Friday, April 13, 2012

Reclaiming American History Part I - Focus on the Founders

[This is the first in a series of posts about how progressives can reclaim American history from the right wing.]

One key component of the conservative messaging success of the past three decades has been their ability to claim American history as their own. Although we have come a long way in how we understand the past, most people still view American history through a conservative lens. They think of the Founding Fathers as Christian conservatives, view the American Revolution as a war against taxes, and believe that the United States grew rich and powerful because of its free enterprise, laissez-faire system.

That these claims are false (or, more accurately, highly misleading), should not distract from the fact that they have an important effect on our political discourse. How we think about the past influences the way we think about the present and the future, and countless academic books and articles that paint a progressive picture of American history have failed to impact the way most Americans really understand the nation's past.

Let me explain in a little more detail.

There are two main ways of thinking about American history, each of which lends itself to different political implications. The first sees the nation's past as a slow but steady progression towards greater freedom and prosperity. According to this view, the United States was a deeply flawed nation at its birth, but for a variety of reasons it has become better over time. This interpretation, which historians often term Whiggish, tends to be held by people on the left and emphasizes the contributions of various social movements, such as the labor movement and the civil rights movement, as engines of progress.

By contrast, many conservatives subscribe to a view of American history in which the United States was born great but has fallen (or struggles to remain great) because we have strayed from the ideals of previous generations. This "declensionist" view tends to focus on valorizing the Founding Fathers and discrediting the 1960s.

So what's the problem? Well, my sense is that, although we've come to accept the contributions that marginalized groups and social movements have played in American history, the declensionist view dominates popular understandings of our nation's past. It is great that we have things like Black History Month, but many people - and not just racists or diehard conservatives - still think that the United States was more free in the 1950s than it is today.

Why is this? One reason is that the media, politicians, and other people who set the terms of public discourse are, by their very nature, concerned with critiquing the present and, as such, have a tendency to look favorably upon the past. Those of us who pay close attention to the ins-and-outs of politics have a hard time stepping back and acknowledging that things are getting better. We have a natural inclination to complain about the here-and-now while longing for bygone days. In this sense, progressives engage in their own forms of declensionist thinking. For example, we hold up Franklin Roosevelt as a tireless champion of liberal values when, in fact, his presidency was characterized by the same sort of hesitancy that gets progressives riled up about Obama.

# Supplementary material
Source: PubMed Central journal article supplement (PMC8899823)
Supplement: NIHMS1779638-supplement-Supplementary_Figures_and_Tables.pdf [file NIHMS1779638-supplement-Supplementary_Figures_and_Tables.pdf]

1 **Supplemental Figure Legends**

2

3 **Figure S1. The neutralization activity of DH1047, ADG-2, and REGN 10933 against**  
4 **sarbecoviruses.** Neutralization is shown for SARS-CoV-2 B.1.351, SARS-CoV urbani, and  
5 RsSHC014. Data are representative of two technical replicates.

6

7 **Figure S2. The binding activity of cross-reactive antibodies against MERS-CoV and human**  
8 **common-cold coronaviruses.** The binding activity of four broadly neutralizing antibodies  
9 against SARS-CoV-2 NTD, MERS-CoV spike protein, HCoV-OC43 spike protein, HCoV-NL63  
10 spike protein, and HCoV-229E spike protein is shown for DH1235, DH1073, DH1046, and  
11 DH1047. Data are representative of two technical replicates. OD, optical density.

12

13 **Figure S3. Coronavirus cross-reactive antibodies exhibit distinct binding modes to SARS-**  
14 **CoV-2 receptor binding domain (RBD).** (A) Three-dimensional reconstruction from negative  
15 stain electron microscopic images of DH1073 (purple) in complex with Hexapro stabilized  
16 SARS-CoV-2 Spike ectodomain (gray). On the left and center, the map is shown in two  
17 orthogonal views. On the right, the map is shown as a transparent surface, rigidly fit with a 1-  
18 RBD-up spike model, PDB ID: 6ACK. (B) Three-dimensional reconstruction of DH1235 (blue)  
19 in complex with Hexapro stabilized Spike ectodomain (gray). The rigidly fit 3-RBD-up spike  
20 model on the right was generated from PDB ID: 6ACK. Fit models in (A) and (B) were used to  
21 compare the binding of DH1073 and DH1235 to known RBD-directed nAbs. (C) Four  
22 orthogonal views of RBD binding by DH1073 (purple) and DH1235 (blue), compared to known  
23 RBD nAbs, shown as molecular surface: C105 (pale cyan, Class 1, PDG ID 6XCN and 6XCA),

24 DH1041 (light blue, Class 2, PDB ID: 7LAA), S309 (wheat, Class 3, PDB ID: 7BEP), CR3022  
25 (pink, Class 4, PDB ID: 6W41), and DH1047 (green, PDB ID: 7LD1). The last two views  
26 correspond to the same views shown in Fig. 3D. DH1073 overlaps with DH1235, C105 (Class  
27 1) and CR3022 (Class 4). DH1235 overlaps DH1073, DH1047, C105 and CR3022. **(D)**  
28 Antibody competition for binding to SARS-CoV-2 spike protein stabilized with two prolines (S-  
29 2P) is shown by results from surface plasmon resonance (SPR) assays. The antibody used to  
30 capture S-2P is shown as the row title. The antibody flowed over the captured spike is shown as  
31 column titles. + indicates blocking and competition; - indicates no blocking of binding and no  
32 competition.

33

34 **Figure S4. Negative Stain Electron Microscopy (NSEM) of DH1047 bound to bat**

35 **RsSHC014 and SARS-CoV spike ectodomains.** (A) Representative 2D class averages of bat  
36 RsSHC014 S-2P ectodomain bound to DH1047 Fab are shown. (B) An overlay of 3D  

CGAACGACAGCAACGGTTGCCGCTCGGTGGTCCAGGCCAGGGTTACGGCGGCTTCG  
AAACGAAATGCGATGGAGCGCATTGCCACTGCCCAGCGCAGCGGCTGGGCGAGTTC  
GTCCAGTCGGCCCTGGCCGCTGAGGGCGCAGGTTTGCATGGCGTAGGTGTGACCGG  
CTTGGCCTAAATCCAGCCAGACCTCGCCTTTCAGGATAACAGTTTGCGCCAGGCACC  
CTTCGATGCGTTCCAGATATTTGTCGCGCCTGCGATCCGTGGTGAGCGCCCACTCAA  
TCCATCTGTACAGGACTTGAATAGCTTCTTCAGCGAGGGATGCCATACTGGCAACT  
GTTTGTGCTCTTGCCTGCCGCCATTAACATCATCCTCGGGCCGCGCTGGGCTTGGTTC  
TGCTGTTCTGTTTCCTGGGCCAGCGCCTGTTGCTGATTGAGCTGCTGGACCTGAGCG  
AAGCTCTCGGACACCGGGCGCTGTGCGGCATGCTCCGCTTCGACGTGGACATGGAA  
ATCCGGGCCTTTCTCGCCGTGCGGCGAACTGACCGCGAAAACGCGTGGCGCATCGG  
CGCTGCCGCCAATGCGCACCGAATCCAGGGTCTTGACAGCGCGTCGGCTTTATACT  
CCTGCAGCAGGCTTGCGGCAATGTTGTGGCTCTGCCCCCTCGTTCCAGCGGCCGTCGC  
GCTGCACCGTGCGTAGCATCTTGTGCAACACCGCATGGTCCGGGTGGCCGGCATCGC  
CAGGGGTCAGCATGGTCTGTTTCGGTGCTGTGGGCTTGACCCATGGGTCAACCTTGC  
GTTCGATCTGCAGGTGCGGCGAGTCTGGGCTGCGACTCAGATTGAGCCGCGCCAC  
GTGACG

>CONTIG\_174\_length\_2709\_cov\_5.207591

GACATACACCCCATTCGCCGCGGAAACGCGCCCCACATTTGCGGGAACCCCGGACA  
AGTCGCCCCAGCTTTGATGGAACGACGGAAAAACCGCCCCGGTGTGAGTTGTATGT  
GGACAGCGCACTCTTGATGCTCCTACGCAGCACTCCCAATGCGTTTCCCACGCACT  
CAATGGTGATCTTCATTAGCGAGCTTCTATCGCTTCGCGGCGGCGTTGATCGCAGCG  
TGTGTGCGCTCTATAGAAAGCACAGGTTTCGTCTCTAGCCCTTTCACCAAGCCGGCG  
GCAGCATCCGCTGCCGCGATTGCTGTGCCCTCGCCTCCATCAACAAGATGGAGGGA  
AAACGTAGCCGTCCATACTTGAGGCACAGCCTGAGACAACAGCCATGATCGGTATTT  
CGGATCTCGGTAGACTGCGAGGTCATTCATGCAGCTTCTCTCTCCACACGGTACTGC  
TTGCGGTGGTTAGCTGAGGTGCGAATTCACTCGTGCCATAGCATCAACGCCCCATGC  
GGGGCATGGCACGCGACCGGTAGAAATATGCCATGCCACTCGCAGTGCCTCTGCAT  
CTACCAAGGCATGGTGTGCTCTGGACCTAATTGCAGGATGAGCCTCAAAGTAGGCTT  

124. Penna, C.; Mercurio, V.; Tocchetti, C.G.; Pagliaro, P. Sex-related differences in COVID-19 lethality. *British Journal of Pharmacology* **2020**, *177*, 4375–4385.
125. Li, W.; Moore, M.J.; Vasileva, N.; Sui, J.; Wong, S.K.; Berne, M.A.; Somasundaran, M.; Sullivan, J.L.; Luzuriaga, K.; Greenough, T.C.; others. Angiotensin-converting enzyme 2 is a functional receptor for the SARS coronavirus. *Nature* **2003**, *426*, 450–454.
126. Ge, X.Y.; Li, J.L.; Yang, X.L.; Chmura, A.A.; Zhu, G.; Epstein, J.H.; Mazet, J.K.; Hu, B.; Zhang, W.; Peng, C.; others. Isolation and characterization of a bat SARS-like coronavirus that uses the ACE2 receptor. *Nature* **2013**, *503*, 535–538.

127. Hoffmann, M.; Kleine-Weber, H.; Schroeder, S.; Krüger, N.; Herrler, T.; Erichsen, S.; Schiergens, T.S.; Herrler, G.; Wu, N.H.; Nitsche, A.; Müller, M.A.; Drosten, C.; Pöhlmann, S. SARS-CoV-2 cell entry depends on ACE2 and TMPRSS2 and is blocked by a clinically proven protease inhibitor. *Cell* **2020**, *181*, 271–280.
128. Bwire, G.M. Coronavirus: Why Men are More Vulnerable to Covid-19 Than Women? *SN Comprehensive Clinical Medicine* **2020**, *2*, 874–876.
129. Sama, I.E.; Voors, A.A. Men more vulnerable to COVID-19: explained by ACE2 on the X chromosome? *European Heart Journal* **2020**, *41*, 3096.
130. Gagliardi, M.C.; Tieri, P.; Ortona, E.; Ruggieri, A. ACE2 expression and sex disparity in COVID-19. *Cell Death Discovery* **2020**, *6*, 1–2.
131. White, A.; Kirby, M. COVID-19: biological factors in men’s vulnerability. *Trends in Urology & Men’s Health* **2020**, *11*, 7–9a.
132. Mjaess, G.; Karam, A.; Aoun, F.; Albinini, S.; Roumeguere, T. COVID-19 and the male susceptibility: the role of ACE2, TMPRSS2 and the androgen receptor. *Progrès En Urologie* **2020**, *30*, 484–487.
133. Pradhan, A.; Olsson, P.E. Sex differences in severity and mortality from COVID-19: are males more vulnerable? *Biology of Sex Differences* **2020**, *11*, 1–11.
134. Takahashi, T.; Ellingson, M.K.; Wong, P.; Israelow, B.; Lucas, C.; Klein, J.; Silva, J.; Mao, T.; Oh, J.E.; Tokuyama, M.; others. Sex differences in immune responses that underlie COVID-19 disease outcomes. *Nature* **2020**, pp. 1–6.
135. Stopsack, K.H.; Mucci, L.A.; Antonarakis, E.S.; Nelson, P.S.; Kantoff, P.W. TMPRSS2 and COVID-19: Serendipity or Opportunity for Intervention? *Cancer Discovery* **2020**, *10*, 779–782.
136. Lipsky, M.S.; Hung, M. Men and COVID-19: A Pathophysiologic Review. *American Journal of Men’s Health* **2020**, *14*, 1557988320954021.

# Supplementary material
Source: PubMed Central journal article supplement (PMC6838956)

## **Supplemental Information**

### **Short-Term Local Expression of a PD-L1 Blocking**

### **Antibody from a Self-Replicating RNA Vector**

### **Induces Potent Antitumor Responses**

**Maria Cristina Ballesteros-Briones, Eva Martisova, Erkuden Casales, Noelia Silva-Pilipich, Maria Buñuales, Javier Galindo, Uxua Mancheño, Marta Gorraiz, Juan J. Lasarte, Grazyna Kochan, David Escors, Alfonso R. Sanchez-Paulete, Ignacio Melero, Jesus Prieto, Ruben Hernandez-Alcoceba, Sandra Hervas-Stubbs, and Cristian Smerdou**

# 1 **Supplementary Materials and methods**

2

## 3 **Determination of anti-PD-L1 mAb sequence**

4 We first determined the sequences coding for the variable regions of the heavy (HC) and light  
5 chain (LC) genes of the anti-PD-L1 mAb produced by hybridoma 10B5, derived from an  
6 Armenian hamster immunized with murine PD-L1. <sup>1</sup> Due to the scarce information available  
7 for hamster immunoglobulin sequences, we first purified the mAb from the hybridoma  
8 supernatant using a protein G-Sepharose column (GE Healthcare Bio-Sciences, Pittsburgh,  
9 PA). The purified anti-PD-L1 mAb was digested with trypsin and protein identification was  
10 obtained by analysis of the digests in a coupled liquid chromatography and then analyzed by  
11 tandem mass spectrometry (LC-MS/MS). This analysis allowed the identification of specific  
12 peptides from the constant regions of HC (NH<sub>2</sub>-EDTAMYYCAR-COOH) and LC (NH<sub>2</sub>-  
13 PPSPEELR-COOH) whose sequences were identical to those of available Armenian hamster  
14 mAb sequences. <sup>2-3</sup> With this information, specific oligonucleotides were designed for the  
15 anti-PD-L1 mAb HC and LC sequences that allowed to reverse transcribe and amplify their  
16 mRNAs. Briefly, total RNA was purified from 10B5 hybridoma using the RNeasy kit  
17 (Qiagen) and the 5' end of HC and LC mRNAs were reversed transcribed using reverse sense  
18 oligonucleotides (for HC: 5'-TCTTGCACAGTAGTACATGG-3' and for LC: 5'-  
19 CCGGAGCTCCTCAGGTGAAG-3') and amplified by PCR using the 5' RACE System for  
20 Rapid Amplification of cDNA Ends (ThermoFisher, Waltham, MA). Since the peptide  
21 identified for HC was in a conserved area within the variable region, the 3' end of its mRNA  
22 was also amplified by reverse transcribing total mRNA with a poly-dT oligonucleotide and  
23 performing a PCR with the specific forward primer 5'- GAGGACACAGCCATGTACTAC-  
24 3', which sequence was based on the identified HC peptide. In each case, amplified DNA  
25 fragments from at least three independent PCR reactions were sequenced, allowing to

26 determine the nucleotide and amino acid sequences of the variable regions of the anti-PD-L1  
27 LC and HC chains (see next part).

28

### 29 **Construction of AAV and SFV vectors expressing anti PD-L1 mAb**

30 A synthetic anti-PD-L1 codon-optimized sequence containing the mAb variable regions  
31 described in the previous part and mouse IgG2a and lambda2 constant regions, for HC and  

To my mind, the right wing has capitalized on declensionist tendencies among the public and the media - tendencies which tap into the respect for tradition moral foundation that Jonathan Haidt has talked about - by advancing a conservative vision of the Founding Fathers and other key authority figures in American history. Instead of fighting battles to get marginalized groups included in the story, the right wing has focused on using history to define the United States a conservative country. The main way they've done this is by portraying the Founding Fathers as Christian conservatives and claiming that the American Revolution was a revolt against government and taxes. They've done a lot of other things as well - trying to appropriate the civil rights movement, discrediting the Great Society programs of the 1960s, reminding people that Abe Lincoln was a Republican, etc. - but they have focused the vast majority of their attention on the Founding Fathers and the Revolutionary War.

This is really smart because the Revolutionary Era is, and will forever remain, the defining period in American history. It is what we all inevitably refer back to when we want to understand the "nature" of our country, which is the major contribution that history makes towards informing our political decision-making.

For this reason, I think it is high time that progressives push back on the conservative campaign to claim the Founding Fathers as their own. Over the course of the next few weeks, I'll be focusing on how we can debunk right wing myths about the Founders, particularly the view that they were extremely religious and advocated a laissez-faire approach to economic policy. Stay tuned.

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